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Jose Mourinho’s loss of charisma killing Manchester United as a football superpower

Jose Mourinho likes to paint himself as the saviour and the underdog; his career plan has been built in such a way, to bring unprecedented success to himself and the clubs he works for. That attitude first made football, particularly English football, fall in love with him, but now the admiration, which was once worldwide, is now evaporating and being replaced by disdain.


Jose was king of the press conference

It is his press conferences that best show his changing perception; in years gone by, he had approached talking to the media before a game like an extension of the opening ten minutes of the match itself. Genuinely funny, cheeky, flamboyant remarks endeared him to journalists asking the questions and recording his every word; fully aware that his team may not be the most talented in whatever league he was coaching in, he knew he had to go into the game ahead mentally; the mind games became his trademark, almost everything he once said was analysed over and over again as if there was some sort of hidden meaning, but not now. He has lost that Midas touch with the media.

That was how he won the UEFA Cup and Champions League with FC Porto; that was how he clinched successive titles with Chelsea in his first spell 50 years after the Blues’ last success and that was how he got Inter crowned European champions in 2010, winning the first Italian treble in history. Mourinho revelled in producing the unexpected and became a hero for the ‘little guy’; it is no wonder each of those clubs struggled for years without him. He had a point to prove; the Nerazzurri lifted the Champions League trophy at the Santiago Bernabeu, and it is there where the old, masterful, genius Mourinho ceased to exist because he was no longer a true underdog.

When he went to Real Madrid weeks after that triumph, he was tasked with putting a stop to the dominance of Pep Guardiola’s Barcelona. They had won the previous two LaLiga crowns and, after Mourinho’s Inter knocked them out at the Champions League semi final, he was tasked with breaking the cycle. On the face of it, the underdog, siege mentality act should have worked, and it did for a while. He would bark at Guardiola, at referees, at fixture congestion in his press conferences, anything he needed to get his team to win. But the old charisma had gone.


In 2012, he succeeded in prizing the league title away from Barça and Guardiola; the Catalan even stepped down as a result of Mourinho’s torment. But the cost of that success, his unpopularity with the Spanish journalists and all those sneering comments meant he walked away from Los Blancos a year later after finishing second again and without fully reasserting Real at the top of the European tree. He’d won the battle in Spain, but lost the war. Real Madrid expected more; winning at all costs is not acceptable at the biggest club in the world.

Four years on and Mourinho is 18 months into his reign at Real’s only real marketing competitor, Manchester United. His second spell at Chelsea went very much the way of his Real Madrid career; it started well with another Premier League crown, but ended in such disastrous fashion that his once legendary status with the Blues fans is now compromised.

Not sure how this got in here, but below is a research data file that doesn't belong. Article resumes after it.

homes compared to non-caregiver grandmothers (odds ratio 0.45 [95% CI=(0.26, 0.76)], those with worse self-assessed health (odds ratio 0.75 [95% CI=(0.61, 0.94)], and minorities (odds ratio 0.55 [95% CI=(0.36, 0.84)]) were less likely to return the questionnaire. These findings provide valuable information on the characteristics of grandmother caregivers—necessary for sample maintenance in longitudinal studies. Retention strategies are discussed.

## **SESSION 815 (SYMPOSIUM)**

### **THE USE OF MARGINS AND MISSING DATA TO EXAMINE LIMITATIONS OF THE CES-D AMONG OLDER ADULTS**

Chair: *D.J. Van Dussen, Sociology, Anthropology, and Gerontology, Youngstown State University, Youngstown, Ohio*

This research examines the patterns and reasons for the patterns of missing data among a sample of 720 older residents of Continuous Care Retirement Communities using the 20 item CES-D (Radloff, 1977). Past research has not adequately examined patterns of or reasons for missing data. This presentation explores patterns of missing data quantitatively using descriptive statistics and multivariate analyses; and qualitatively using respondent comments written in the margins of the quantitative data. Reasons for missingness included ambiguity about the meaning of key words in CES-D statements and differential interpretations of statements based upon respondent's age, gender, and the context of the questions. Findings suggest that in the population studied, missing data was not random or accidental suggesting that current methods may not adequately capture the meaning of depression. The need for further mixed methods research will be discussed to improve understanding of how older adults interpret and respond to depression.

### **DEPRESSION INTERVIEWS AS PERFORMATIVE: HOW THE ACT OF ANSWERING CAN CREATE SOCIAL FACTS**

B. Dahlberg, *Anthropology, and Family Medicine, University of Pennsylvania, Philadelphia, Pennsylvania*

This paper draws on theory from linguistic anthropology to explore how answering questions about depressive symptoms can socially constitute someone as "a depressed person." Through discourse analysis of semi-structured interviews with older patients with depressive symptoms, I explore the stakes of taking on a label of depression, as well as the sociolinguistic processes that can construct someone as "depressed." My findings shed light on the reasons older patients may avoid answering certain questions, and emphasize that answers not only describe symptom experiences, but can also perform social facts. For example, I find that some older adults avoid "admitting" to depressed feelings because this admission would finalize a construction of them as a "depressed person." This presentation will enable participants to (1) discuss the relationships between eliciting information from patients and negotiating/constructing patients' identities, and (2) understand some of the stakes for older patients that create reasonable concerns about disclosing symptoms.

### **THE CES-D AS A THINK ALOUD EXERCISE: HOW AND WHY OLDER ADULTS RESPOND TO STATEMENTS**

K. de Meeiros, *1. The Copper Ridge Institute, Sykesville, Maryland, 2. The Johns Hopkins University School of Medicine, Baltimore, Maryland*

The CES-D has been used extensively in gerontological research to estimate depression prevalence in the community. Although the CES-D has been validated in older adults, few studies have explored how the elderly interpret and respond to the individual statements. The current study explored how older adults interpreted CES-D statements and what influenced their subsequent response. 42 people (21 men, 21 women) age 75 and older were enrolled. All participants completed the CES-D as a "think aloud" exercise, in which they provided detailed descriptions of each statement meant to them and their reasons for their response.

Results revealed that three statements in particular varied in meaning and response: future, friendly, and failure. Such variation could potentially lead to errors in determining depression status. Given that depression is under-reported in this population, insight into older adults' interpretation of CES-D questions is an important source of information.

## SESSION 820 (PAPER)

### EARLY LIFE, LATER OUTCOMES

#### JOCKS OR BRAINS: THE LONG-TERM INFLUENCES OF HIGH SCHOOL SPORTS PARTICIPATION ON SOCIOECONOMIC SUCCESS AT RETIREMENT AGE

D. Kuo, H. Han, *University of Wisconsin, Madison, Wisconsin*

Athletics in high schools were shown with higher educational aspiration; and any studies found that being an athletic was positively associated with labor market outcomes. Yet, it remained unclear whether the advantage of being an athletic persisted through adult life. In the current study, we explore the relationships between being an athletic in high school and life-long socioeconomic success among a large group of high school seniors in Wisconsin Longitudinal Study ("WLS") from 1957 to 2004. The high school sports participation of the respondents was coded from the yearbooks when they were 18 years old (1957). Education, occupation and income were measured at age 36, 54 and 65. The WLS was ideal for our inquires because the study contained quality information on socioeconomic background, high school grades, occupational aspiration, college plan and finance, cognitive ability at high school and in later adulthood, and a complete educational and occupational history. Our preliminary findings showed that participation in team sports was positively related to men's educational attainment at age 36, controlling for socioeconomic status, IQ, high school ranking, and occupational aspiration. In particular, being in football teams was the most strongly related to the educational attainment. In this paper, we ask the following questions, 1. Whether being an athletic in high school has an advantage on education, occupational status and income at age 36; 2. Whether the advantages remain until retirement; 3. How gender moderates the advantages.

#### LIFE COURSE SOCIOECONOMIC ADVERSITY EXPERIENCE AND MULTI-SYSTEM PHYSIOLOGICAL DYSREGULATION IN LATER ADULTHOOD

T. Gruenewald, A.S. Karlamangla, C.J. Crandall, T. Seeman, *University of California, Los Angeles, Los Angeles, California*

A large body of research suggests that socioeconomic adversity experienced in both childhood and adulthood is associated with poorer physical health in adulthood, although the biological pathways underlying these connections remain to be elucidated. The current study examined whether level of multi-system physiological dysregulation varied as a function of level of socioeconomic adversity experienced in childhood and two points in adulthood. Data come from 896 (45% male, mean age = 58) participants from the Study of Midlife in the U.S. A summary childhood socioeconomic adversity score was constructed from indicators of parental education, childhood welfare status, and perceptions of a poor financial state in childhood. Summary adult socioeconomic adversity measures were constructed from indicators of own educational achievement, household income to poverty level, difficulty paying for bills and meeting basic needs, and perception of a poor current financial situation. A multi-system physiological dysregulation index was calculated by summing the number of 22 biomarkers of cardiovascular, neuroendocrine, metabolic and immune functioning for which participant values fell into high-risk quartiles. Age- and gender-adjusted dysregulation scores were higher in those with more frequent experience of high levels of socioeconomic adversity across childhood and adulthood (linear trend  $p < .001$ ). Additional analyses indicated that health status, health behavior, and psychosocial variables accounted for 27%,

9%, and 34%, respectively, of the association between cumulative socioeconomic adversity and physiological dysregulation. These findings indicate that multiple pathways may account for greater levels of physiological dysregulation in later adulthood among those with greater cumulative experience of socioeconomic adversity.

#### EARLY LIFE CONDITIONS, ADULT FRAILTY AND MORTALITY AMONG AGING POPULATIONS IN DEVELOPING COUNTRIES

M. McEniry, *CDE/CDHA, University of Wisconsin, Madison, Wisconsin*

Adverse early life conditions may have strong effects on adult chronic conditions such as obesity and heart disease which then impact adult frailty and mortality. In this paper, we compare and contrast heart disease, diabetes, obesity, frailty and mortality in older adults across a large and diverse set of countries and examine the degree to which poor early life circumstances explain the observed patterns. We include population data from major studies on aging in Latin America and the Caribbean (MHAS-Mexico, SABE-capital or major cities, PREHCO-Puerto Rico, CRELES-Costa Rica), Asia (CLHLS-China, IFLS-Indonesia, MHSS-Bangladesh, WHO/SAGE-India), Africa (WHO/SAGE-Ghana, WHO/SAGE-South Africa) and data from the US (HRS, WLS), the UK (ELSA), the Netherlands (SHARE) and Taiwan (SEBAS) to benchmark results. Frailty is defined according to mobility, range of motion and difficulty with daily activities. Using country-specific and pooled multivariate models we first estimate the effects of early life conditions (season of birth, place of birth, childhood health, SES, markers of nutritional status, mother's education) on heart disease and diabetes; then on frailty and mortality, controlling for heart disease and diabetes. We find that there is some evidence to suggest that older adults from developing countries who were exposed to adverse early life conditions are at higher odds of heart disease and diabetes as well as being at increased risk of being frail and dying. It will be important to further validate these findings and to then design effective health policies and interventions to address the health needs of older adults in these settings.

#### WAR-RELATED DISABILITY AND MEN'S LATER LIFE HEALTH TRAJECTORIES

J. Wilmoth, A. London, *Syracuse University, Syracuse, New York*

Too many excuses, Jose

On Boxing Day, after a late Jesse Lingard brace salvage a 2-2 draw against Burnley, Mourinho took to his regular post-match press briefing. Faced with severe questions about his work at Old Trafford, following the second successive four-goal draw in a week, the Red Devils boss played his old trick; deflecting attention. But the spell he had over the media is no more and, not for the first time in his career, he was left tasting sour grapes with very poor excuses. Once again, Guardiola is a direct rival, currently leading Manchester City on a record-breaking title charge. At the time of writing, they hold a 12-point lead at the top, but rather than acknowledge his old foe’s brilliant team, or his own shortcomings, Mourinho instead lamented City’s spending power, claiming the £300million he has spent at Old Trafford is not enough to compete.

He may have been trying to send a thinly-veiled message to his board about January transfer funds, but even if that is true, given the money spent since Mourinho came in and even before that, they would be more than entitled to question the results and playing style. Guardiola has never really failed as a manager by playing a progressive, ever-evolving system; his work on the training ground is unrivalled. Mourinho has spent a similar amount of money in his career, but just as with Real Madrid, Manchester United are a proud club with expectations well beyond the self preservation that Mourinho serves up on and off the pitch.

What made Mourinho so successful in the early part of his career was that he was the most ambitious person in his surroundings. He was going to be the man to teach clubs how to be successful, but having struggled to implement the same attitudes on the biggest clubs in the world, mainly because they already have them. He beginning to look as though he is not big enough himself.

Jose Mourinho may not be wrong that the Manchester United team he inherited needed work to make it compete again, but he hasn’t done enough to make progress, especially given Guardiola’s work across the city. Throughout his career, his ideology has centred on galvanising clubs who haven’t achieved everything, but he needs to get his bullish charisma back if he is to truly reinvent one that has.

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